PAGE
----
Digger the wombat is the heroine–nominally–of our epic. She’s a wombat, who took a wrong turn and wound up in a strange land far from home. Her interests include geology, engineering, earthworks, and wondering where exactly everybody else around her lost their minds.
Digger is female, but being a marsupial, only another wombat would be able to tell.
Ed the hyena is an exile from his tribe. “Ed” isn’t his real name, but a moniker given to him by Digger. His original name was “eaten” by his tribe. Hyenas are a matriarchal society, and Ed’s story is a tragic one.
He lives in a cave in the woods of the Cerulean Hills, and paints things on the walls.
The statue of Ganesh is the deus ex machina of Digger’s fate. It is not, however, the god Ganesh. At least, most of the time. It is an avatar of the god, and as such functions mostly independantly. It seems to delight in sending Digger off on difficult missions, despite being an entity of infinite compassion. It is served by a monastery of monks, including several that wear full hoods, and has a complex relationship with the Veiled, the local order of theocratic police.
Murai is a former member of the Veiled, a worshipper of Ganesh, and apparently a hero. She is also sporadically insane and has the shadow of a god in her head.
She means well.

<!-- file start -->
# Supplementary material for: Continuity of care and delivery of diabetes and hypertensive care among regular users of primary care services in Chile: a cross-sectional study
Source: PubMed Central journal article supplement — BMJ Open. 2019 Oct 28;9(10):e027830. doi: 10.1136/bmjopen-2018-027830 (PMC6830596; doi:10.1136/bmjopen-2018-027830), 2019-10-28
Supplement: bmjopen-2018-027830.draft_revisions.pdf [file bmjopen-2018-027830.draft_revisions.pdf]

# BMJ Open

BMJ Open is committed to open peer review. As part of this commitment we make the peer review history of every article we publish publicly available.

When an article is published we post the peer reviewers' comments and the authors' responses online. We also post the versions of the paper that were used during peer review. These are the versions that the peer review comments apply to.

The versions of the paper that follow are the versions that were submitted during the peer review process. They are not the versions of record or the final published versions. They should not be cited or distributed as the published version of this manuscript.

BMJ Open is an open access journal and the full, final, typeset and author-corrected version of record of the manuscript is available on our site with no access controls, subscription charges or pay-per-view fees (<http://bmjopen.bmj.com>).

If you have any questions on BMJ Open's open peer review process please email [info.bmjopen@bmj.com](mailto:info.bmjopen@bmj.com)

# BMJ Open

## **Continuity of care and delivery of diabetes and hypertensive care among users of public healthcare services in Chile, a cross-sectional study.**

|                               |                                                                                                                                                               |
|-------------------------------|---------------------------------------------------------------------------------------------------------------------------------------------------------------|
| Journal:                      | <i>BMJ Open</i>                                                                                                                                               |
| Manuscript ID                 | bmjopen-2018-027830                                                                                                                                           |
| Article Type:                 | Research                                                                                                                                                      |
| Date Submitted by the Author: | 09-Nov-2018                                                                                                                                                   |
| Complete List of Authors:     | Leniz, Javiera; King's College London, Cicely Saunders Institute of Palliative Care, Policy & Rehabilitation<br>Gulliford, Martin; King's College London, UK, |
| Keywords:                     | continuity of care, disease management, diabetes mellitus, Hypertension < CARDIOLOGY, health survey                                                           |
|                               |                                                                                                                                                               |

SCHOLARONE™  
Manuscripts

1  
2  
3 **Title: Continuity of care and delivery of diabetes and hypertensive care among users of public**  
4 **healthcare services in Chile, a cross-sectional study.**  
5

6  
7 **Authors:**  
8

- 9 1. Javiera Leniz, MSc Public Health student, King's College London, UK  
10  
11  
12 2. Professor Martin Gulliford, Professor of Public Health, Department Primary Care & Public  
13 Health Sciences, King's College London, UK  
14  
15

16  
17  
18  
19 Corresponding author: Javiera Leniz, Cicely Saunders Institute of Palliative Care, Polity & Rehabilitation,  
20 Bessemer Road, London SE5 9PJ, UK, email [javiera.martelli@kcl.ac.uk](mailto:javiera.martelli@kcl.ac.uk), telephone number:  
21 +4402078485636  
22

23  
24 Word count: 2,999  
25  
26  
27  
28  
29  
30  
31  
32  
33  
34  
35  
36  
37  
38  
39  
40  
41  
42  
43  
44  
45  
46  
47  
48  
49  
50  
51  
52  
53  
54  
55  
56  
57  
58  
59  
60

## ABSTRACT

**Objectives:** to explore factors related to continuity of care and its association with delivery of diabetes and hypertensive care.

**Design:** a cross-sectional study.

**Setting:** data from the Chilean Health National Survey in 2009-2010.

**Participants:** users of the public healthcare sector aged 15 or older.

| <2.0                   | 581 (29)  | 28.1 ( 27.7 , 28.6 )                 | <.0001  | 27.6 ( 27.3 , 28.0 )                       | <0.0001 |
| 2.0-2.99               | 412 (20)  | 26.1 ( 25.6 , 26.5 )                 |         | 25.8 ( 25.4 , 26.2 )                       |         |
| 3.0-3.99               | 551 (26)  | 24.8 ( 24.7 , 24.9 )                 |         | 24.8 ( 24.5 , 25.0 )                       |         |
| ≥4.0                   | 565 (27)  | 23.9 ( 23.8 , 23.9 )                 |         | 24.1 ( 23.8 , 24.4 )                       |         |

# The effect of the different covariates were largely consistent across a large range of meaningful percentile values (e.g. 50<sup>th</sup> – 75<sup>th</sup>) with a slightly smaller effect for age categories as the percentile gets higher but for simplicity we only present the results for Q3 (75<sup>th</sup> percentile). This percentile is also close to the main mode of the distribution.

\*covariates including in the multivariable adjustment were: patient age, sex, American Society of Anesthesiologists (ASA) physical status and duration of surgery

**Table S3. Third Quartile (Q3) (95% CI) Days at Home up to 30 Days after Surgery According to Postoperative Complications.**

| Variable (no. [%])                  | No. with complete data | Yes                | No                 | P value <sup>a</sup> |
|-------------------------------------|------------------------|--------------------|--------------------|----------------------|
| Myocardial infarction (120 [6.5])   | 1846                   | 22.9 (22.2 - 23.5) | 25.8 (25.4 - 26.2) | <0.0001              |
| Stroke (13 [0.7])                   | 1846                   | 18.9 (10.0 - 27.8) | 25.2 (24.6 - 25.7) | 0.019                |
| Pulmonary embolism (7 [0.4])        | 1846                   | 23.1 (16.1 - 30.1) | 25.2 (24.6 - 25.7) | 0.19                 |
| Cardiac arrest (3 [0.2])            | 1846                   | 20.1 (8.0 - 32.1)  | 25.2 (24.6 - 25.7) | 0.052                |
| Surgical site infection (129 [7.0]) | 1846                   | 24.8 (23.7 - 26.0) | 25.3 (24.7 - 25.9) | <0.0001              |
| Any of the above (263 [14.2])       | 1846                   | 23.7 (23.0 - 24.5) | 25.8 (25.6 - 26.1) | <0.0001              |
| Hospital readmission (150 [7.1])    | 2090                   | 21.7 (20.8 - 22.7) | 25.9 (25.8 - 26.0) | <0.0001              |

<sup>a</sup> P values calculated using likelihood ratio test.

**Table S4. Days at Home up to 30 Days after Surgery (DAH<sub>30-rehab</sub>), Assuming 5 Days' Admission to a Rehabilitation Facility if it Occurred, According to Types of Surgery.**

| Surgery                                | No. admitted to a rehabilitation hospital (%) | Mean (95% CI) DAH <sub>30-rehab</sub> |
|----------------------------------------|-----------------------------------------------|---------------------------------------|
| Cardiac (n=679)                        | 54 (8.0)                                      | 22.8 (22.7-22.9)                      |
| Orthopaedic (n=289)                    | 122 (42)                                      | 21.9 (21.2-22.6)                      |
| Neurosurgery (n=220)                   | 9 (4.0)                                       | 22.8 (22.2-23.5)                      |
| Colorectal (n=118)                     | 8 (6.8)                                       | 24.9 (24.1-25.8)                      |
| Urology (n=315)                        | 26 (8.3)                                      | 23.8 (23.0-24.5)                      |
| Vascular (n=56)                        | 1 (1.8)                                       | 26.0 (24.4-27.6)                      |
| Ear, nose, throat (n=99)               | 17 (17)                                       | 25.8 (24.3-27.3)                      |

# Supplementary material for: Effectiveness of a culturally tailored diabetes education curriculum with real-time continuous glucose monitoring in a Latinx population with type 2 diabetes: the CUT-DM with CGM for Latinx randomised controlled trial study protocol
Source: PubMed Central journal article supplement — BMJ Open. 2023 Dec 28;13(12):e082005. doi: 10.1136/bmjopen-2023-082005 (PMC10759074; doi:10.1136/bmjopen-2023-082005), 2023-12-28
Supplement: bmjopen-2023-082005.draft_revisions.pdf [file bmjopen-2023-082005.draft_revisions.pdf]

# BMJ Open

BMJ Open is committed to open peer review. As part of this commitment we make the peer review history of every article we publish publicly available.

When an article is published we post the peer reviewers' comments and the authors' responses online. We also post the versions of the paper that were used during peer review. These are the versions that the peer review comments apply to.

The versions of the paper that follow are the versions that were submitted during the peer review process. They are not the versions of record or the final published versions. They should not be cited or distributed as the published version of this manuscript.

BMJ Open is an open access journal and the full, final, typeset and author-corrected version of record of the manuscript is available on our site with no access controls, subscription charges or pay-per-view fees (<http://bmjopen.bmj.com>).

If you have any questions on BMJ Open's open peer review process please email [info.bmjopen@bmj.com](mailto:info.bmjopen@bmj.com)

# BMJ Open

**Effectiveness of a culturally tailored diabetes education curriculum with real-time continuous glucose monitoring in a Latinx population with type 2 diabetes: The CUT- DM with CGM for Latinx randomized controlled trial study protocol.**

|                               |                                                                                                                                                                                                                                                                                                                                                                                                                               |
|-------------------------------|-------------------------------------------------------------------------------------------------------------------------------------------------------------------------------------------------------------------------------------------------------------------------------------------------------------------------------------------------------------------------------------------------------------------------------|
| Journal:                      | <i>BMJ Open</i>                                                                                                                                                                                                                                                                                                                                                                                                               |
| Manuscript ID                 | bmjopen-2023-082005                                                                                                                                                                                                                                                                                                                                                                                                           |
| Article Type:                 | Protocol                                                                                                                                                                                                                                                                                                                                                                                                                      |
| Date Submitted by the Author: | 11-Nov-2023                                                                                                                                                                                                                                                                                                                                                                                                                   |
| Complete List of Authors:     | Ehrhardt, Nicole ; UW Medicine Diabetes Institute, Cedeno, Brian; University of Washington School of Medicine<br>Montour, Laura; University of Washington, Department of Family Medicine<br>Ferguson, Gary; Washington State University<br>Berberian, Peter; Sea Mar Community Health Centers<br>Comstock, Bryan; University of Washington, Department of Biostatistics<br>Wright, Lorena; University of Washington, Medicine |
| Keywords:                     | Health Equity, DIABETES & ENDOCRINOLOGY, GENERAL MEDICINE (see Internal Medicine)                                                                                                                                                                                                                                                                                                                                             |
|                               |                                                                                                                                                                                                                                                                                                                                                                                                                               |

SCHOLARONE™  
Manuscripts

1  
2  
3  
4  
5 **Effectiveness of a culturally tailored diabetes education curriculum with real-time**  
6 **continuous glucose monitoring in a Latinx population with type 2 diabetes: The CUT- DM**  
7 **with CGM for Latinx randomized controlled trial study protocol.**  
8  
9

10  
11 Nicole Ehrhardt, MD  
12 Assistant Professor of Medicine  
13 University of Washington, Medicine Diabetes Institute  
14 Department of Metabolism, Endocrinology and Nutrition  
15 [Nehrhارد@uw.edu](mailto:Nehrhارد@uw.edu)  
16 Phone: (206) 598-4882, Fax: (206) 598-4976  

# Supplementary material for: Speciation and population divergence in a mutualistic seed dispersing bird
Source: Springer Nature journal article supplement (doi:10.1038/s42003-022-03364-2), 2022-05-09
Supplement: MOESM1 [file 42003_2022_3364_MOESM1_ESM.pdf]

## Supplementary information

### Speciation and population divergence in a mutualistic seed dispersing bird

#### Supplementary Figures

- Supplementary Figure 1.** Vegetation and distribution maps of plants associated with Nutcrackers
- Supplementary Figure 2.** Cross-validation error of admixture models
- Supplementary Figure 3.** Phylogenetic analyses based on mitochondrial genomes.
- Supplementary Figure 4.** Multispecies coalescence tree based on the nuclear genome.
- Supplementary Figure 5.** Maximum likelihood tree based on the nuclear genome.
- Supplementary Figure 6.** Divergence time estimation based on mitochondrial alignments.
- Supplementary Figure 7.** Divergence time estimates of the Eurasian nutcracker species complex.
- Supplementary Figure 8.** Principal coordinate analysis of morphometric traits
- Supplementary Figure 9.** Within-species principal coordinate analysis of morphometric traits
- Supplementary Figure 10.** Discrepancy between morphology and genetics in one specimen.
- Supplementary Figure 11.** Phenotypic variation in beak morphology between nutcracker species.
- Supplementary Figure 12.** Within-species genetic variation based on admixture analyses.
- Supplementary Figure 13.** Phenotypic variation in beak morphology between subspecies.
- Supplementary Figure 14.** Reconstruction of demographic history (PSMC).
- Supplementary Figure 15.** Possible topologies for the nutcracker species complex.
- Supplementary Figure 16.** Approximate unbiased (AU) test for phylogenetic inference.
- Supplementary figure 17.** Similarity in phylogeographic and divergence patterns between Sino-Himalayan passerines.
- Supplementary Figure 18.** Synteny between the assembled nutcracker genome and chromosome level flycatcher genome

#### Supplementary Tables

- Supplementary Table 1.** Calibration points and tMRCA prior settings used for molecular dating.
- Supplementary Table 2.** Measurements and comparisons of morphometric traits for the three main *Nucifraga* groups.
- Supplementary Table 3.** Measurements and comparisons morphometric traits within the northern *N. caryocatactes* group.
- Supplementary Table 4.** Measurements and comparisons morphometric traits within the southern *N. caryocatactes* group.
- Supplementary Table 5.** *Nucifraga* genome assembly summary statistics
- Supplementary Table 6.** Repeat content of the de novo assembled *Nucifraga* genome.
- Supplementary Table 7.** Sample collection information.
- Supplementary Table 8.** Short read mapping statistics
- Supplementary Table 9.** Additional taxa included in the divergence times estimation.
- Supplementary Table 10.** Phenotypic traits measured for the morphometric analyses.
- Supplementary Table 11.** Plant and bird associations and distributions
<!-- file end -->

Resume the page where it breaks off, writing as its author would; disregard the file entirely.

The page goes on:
Grim Eyes the hyena is a member of Ed’s tribe, granddaughter of the matriarch, Boneclaw Mother, and a hunt-leader, a position of good standing among hyenas. While initially attempting to kill and eat Digger, she came around after the wombat saved her life, and is now a stalwart, if obnoxious companion.
The oddest of Digger’s compatriots (and believe me, that’s saying something) is the Shadowchild. Born from a white bird (for a value of born) the Shadowchild is–probably–maybe–a young demon. Largely amoral and extremely powerful, it has latched onto Digger as its primary source of moral guidance.
It eats shadows, which can be fatal to human victims, and describes the shadows of things like oak leaves and fish with the air of a gourmet sampling wines. It tends to appear and disappear without warning. It also seems to mean well, although it’s hard to tell.